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I came across a function with this signature.

void foo(char (&x)[5])
{
}

This is the syntax for passing a fixed size char array by reference.

The fact that it requires parentheses around &x strikes me as unusual.

It is probably part of the C++03 standard.

What is this form called and can anyone point out a reference to the standard?

c++decl is not a friend yet:

$ c++decl 
Type `help' or `?' for help
c++decl> explain void foo(char (&x)[5])
syntax error
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3  
I can't point to the standard, but I believe it's because char& x[5] is an array of 5 character references, not a reference to a character array of length 5. –  Dave S Oct 26 '11 at 12:20
    
c++decl is your friend :-) –  Kerrek SB Oct 26 '11 at 12:28
1  
8.3.2 References "There shall be no references to references, no arrays of references, and no pointers to references." –  Eddy Pronk Oct 26 '11 at 12:33
1  
Wasn't it a really great call to use punctuation for such features. –  David Heffernan Oct 26 '11 at 12:52

2 Answers 2

up vote 10 down vote accepted

There is nothing unusual or new about the syntax. You see it all the time in C with pointers. [] has higher precedence than &, so you need to put it in parentheses if you want to declare a reference to an array. The same thing happens with * (which has the same precedence as &): For example, to declare a pointer to an array of 5 chars in C, you would do char (*x)[5];. Similarly, a pointer to a function that takes and returns an int would be int (*x)(int); (() has same precedence as []). The story is the same with references, except that references are only on C++ and there are some restrictions to what types can be formed from references.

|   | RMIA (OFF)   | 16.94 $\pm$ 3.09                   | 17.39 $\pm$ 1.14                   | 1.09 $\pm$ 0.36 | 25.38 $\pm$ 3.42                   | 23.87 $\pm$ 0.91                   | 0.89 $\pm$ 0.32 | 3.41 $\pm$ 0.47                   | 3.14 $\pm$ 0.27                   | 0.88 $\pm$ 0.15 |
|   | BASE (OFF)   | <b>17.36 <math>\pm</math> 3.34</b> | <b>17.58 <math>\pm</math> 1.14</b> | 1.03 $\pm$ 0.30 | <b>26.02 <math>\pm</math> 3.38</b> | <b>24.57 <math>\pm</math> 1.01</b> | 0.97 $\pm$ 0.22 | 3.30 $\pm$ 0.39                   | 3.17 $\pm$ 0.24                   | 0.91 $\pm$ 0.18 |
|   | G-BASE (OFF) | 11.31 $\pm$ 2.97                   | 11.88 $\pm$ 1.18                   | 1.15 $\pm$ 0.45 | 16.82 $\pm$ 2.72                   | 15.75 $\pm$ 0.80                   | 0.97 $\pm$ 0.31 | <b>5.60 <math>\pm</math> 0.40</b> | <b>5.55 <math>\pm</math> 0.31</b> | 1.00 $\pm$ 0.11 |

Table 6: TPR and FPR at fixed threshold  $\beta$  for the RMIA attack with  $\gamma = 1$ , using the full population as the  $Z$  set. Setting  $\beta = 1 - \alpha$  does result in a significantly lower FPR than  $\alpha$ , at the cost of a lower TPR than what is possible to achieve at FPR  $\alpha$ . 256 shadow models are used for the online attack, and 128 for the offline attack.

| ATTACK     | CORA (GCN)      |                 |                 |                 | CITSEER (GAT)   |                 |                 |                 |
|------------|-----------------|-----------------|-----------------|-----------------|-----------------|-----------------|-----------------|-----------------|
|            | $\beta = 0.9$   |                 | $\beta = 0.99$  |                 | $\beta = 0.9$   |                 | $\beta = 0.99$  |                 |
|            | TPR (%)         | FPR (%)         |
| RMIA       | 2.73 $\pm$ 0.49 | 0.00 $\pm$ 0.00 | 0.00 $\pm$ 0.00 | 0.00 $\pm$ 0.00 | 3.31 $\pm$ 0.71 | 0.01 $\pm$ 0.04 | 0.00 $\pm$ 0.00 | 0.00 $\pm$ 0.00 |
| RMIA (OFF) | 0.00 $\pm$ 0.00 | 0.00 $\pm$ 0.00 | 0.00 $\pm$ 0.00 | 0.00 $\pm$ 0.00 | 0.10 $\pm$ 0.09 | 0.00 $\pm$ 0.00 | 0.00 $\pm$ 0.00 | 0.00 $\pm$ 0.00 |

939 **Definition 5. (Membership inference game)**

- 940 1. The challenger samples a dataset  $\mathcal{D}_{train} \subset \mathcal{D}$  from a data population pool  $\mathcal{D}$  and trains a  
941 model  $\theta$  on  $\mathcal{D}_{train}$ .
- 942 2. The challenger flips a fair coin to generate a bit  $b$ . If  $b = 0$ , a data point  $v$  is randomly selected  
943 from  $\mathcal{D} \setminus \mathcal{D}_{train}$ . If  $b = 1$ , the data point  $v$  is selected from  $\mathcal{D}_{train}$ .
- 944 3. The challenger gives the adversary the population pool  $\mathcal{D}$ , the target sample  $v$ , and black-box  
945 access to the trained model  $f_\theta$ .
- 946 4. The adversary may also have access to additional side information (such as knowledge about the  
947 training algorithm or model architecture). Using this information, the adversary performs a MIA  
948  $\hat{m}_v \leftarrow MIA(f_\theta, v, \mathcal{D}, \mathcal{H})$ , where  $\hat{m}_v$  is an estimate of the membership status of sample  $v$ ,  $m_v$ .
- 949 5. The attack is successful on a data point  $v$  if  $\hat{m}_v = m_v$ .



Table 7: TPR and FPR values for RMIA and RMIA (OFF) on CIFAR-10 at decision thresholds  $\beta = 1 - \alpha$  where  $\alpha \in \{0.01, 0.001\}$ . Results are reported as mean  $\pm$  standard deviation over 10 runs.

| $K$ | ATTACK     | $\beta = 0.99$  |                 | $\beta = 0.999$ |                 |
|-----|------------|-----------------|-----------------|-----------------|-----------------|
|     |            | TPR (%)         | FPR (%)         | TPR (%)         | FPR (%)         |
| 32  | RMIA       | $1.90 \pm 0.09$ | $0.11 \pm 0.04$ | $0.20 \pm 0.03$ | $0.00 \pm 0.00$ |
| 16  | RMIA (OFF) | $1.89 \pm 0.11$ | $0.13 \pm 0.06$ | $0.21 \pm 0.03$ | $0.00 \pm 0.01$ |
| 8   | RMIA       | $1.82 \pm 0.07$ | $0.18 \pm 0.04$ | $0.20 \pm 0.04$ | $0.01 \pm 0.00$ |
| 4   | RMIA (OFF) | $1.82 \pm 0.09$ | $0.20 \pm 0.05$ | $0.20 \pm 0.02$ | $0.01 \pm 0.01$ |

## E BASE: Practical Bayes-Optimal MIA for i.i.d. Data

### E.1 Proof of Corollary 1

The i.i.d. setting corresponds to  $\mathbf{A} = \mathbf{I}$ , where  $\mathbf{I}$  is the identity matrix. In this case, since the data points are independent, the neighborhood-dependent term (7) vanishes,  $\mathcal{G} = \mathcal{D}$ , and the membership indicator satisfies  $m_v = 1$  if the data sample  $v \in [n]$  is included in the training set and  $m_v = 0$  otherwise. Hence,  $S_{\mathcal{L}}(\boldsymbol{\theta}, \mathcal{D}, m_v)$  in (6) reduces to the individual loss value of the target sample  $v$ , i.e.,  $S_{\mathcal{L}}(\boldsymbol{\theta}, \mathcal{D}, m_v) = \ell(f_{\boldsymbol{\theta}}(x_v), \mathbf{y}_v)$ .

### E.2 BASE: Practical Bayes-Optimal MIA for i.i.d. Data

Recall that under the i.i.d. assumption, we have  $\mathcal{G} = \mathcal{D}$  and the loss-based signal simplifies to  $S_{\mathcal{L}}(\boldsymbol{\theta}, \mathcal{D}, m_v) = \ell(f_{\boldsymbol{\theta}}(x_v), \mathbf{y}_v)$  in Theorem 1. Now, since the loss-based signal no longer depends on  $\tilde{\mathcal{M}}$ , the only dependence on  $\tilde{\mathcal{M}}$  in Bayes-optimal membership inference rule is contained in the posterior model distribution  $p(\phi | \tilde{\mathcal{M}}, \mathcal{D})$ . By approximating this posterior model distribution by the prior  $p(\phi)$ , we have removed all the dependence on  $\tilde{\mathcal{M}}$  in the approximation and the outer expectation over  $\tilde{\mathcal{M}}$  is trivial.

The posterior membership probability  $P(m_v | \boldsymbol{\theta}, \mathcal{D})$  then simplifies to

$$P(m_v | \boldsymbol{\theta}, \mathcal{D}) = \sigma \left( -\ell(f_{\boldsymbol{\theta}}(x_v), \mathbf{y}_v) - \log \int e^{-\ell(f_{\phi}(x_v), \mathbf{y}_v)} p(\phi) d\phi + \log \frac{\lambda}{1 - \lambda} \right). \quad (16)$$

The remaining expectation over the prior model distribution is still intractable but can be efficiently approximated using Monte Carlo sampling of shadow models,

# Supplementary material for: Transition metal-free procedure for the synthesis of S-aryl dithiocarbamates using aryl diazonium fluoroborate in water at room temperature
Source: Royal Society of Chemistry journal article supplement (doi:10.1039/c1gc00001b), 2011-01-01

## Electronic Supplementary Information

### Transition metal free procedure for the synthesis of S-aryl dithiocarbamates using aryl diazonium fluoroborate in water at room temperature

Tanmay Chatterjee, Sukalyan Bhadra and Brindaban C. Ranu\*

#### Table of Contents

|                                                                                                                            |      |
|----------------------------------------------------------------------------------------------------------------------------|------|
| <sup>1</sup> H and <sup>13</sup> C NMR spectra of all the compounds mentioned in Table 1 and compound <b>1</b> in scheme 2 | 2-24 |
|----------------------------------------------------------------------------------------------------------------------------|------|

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+1 For explaining the requirement of the parentheses. Where are the restrictions on forming types from references documented? –  Eddy Pronk Oct 26 '11 at 20:38
    
@Eddy Pronk: I was referring to the statement you cited in your comment to your question above –  newacct Oct 26 '11 at 20:52

There's nothing to explain, this is simply how the parsing rules for declarations work in C++:

char  & x[5] // declare x as array 5 of reference to char (not valid C++!)
char (&x)[5] // declare x as reference to array 5 of char

Caution: The first version is not valid C++, though, since you cannot have arrays of references. This is merely an explanation of the declaration syntax. (Sorry about taking so long to get this right, and thanks to the helpful comments!)

You're allowed to wrap the type identifier in arbitray levels of parentheses if you like, so you can also say char &(x)[5] (first case) or char (((&x)))[5] (second case).

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+1: that's right.) –  Eric Z Oct 26 '11 at 12:33
    
Which compiler accepts the first form? gcc 4.4.5 doesn't: error: declaration of ‘x’ as array of references –  Eddy Pronk Oct 26 '11 at 12:45
    
Except, of course, that the first isn't legal C++, since you're not allowed to have arrays of references. –  James Kanze Oct 26 '11 at 12:46
    
It seems you're required to wrap at least one level of parentheses. –  Eddy Pronk Oct 26 '11 at 12:47
    
@JamesKanze: Not as free-standing declarations, but as function argument declarations! Good point :-) –  Kerrek SB Oct 26 '11 at 13:09

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